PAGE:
Apple's WWDC Wi-Fi Woes Point Up Need for Wireless Capacity

You probably already heard the news. Steve Jobs had trouble with Wi-Fi based demos at the Apple Worldwide Developers Conference. In all fairness, there were reportedly over 500 access points operating in the area. That being said, this problem was avoidable.

What was the problem? At a high level, it was a capacity issue. Wireless is a shared medium, meaning all users contend for the total available bandwidth. In general, the more users there are, the less bandwidth each user experiences.

What is the answer? For starters, Apple should have provided wireless access for attendees. I am not 100% sure this *didn't* take place, but from reading reports of all the rogue access points and Mi-Fi devices in place at the event, I would venture to say Apple didn't offer an alternative. Of course, if they offered attendee access, there are a whole host of security mechanisms they should consider putting into place to segment traffic, provide quality of service, etc.

So if Apple was going to deploy a wireless network for the attendees, how should they design it? Two words: for capacity. Start with 802.11n access points. They have a number of technical improvements that provide 5-6 times the bandwidth that legacy 802.11a/g APs provide on a per radio basis. You can read my previous blog post, "What Every IT Professional Should Know About 802.11n" for a better understanding of 802.11n technical improvements such as MIMO antennas, spatial multiplexing, and short guard interval.

However, 802.11n alone is not enough. The real "secret" to additional capacity is additional radios. Each radio provides its own capacity that can be shared by the total number of users. Here's where it gets tricky. There are only a certain number of "non-overlapping" channels available for use. There are 3 non-overlapping channels in the 2.4 GHz spectrum, and 24 non-overlapping channels in the 5 GHz spectrum. The Wi-Fi radio in the iPhone (3G, 3GS, and 4G) is only capable of operating in the 2.4 GHz spectrum, so Apple would want to encourage as many users to utilize the 5 GHz spectrum as possible.

How should they encourage users to utilize the 5 GHz spectrum? It sounds obvious, but provide plenty of 5 GHz access points. The clients (laptops, phones, tablets, etc.) make the decision of which AP they want to connect to. They make this decision on a number of factors to include signal strength and signal quality. If you provide a relatively high number of 5 GHz APs, clients will migrate to them. You can even reuse non-overlapping channels in the same physical space with careful channel planning and cell size tuning -- this is much easier in 5 GHz where you have eight times the number of non-overlapping channels.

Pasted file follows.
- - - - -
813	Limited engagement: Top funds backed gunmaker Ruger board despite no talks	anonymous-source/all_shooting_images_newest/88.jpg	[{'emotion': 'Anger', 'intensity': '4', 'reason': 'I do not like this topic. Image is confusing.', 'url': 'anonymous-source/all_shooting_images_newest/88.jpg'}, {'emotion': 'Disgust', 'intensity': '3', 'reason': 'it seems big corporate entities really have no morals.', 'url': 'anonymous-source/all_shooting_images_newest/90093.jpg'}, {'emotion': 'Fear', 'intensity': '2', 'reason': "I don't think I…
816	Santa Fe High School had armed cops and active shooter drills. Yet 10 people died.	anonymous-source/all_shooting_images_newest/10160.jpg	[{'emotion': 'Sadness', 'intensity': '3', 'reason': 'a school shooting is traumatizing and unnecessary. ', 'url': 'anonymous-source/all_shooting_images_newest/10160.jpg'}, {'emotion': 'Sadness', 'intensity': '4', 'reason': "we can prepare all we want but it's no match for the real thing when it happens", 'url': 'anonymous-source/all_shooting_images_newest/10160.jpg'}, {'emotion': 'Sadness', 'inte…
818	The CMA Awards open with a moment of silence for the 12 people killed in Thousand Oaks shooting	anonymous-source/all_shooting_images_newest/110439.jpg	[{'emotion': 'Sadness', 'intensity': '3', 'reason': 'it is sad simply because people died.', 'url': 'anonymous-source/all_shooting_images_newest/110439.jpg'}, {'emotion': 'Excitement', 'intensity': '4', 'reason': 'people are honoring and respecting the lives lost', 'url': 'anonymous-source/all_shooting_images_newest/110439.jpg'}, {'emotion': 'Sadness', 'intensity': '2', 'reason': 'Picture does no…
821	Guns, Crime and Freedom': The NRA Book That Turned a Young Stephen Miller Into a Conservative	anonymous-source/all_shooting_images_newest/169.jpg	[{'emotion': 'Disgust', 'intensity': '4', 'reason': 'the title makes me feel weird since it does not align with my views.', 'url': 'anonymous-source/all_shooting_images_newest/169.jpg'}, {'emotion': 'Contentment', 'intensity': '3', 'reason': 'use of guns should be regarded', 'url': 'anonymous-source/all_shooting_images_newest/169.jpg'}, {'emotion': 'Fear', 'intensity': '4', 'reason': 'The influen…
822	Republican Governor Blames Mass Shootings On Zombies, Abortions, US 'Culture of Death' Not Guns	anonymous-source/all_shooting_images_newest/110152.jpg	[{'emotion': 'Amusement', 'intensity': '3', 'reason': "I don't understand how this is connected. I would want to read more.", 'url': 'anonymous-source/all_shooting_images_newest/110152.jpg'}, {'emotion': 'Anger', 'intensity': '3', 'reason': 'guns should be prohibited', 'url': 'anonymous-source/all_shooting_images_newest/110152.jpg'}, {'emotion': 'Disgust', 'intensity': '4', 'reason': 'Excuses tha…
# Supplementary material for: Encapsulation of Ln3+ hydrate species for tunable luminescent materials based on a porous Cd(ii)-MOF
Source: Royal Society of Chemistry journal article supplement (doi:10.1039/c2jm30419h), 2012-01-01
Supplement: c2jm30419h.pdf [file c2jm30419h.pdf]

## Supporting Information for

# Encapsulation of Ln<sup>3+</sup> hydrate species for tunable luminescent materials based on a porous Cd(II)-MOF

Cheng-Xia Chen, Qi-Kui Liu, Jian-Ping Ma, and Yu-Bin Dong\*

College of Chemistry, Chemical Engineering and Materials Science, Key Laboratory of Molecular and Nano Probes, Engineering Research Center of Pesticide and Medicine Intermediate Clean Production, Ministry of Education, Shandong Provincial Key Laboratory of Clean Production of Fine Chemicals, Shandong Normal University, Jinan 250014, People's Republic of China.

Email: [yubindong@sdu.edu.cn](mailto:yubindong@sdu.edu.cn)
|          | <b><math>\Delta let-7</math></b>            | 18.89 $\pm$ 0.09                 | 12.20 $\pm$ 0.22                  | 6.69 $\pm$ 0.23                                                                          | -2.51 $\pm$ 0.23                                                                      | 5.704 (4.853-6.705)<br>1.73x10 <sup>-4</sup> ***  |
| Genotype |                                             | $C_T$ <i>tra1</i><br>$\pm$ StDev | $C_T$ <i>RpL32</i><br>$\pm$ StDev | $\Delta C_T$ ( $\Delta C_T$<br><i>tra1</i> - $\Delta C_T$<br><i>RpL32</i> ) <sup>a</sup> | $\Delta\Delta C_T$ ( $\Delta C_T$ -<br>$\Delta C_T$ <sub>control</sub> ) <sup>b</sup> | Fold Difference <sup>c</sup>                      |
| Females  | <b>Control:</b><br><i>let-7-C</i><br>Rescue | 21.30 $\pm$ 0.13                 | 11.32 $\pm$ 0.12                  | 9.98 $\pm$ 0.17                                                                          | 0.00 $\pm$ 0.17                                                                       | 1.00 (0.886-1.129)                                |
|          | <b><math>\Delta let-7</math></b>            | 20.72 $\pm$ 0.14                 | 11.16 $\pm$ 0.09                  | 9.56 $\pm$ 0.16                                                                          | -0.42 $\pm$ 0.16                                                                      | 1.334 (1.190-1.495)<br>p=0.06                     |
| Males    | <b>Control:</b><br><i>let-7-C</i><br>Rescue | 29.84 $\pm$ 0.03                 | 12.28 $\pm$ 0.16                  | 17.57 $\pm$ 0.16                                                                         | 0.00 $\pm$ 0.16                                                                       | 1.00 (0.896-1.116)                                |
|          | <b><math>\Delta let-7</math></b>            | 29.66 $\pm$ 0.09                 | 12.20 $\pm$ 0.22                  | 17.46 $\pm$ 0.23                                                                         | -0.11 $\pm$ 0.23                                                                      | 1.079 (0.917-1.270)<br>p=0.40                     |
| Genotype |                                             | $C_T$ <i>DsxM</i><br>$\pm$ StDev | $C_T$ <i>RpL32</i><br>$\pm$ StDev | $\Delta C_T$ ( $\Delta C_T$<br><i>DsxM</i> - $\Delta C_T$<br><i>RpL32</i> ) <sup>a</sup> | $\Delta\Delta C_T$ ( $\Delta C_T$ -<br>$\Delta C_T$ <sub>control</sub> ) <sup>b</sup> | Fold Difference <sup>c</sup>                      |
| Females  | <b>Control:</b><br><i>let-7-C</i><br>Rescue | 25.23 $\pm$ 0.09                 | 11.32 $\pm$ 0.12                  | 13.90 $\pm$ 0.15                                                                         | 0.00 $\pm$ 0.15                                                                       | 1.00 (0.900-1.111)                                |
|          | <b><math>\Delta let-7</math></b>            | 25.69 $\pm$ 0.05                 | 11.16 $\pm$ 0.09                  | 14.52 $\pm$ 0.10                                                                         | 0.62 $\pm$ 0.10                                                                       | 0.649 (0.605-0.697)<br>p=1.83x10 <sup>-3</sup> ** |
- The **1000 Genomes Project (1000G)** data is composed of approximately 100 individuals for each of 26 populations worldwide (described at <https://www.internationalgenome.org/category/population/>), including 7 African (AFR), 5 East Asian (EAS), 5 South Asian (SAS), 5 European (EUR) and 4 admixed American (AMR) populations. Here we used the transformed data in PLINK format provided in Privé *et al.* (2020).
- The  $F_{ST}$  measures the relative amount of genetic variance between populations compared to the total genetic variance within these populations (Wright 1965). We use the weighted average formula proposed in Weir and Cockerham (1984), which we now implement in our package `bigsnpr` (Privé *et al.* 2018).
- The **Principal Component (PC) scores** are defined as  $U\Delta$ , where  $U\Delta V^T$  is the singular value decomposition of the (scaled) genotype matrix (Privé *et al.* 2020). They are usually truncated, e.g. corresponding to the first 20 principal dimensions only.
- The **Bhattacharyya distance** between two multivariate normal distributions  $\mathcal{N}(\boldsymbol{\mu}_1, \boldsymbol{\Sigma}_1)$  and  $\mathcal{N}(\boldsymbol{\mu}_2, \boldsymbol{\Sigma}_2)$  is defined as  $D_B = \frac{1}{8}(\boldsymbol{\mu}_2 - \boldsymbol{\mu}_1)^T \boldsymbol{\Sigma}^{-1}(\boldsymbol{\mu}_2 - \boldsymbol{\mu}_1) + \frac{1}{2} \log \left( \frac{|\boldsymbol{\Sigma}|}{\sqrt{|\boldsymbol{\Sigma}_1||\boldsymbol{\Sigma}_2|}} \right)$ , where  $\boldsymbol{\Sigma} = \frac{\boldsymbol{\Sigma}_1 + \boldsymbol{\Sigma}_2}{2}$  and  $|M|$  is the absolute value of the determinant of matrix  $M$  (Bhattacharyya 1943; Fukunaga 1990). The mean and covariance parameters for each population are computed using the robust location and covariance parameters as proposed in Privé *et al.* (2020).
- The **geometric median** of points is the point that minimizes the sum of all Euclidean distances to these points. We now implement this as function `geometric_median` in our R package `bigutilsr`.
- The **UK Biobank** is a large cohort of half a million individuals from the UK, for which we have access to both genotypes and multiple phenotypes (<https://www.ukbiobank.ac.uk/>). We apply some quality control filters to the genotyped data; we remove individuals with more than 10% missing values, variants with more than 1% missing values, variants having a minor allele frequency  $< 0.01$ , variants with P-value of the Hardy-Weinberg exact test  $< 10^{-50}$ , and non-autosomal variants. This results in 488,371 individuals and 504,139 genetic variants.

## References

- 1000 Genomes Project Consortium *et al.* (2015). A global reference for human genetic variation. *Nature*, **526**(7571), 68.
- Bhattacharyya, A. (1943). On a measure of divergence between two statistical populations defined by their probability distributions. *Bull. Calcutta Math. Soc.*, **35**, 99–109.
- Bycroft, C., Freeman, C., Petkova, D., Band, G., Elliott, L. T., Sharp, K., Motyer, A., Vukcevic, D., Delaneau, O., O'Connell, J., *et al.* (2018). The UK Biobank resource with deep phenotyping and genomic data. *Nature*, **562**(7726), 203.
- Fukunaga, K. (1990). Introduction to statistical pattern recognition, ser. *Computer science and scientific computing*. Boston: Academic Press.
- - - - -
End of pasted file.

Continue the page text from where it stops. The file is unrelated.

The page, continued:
Another way to get users to utilize the 5 GHz spectrum is through social methods. Announce that you have an official wireless network and ask users to use it instead of their own Mi-Fi or other rogue device ahead of time. If you provide access in both frequency bands, use a separate SSID for each band and use an SSID that naturally encourages people to use 5 GHz. For example, they could have an SSID "WWDC" in 2.4 GHz and a separate SSID called "WWDC-Fast" in 5 GHz. If you saw both of these SSIDs in your available wireless networks, which one would you pick?

Additionally, there are some technical methods to shift clients to 5GHz. Some vendors have a proprietary mechanism called "band steering" (or something similar). Even though clients ultimately make the decision of which access point to connect to, and if/when to roam, band steering is a method that Wi-Fi manufacturers use to place clients on 5GHz radios, where possible. This can be taken a step forward with "mode steering" where clients are grouped together on a particular radio based on which IEEE specification they use. For example, all faster 802.11n clients are grouped together so they do not have to slow down for legacy 802.11a/b/g clients.

Are there other design principles that could have helped Apple at the WWDC? Of course! A couple big ones that come to mind are implementing an integrated wireless intrusion detection/prevention system to contain rogue APs and utilizing a spectrum analyzer to monitor the RF environment. Perhaps I'll write about these in another post if there is enough interest. At the end of the day though, since wireless is a shared medium, there is no replacement for additional capacity ... and the best way to provide additional capacity is with additional radios.

Douglas J. Haider is a Wireless Consulting Engineer with Xirrus. He hosts a personal blog at WiFiJedi.com, and micro-blogs on Twitter @wifijedi

ENDNOTE: For further reading on the importance of capacity, you can also read my blog post, "It's not about full bars, stupid".

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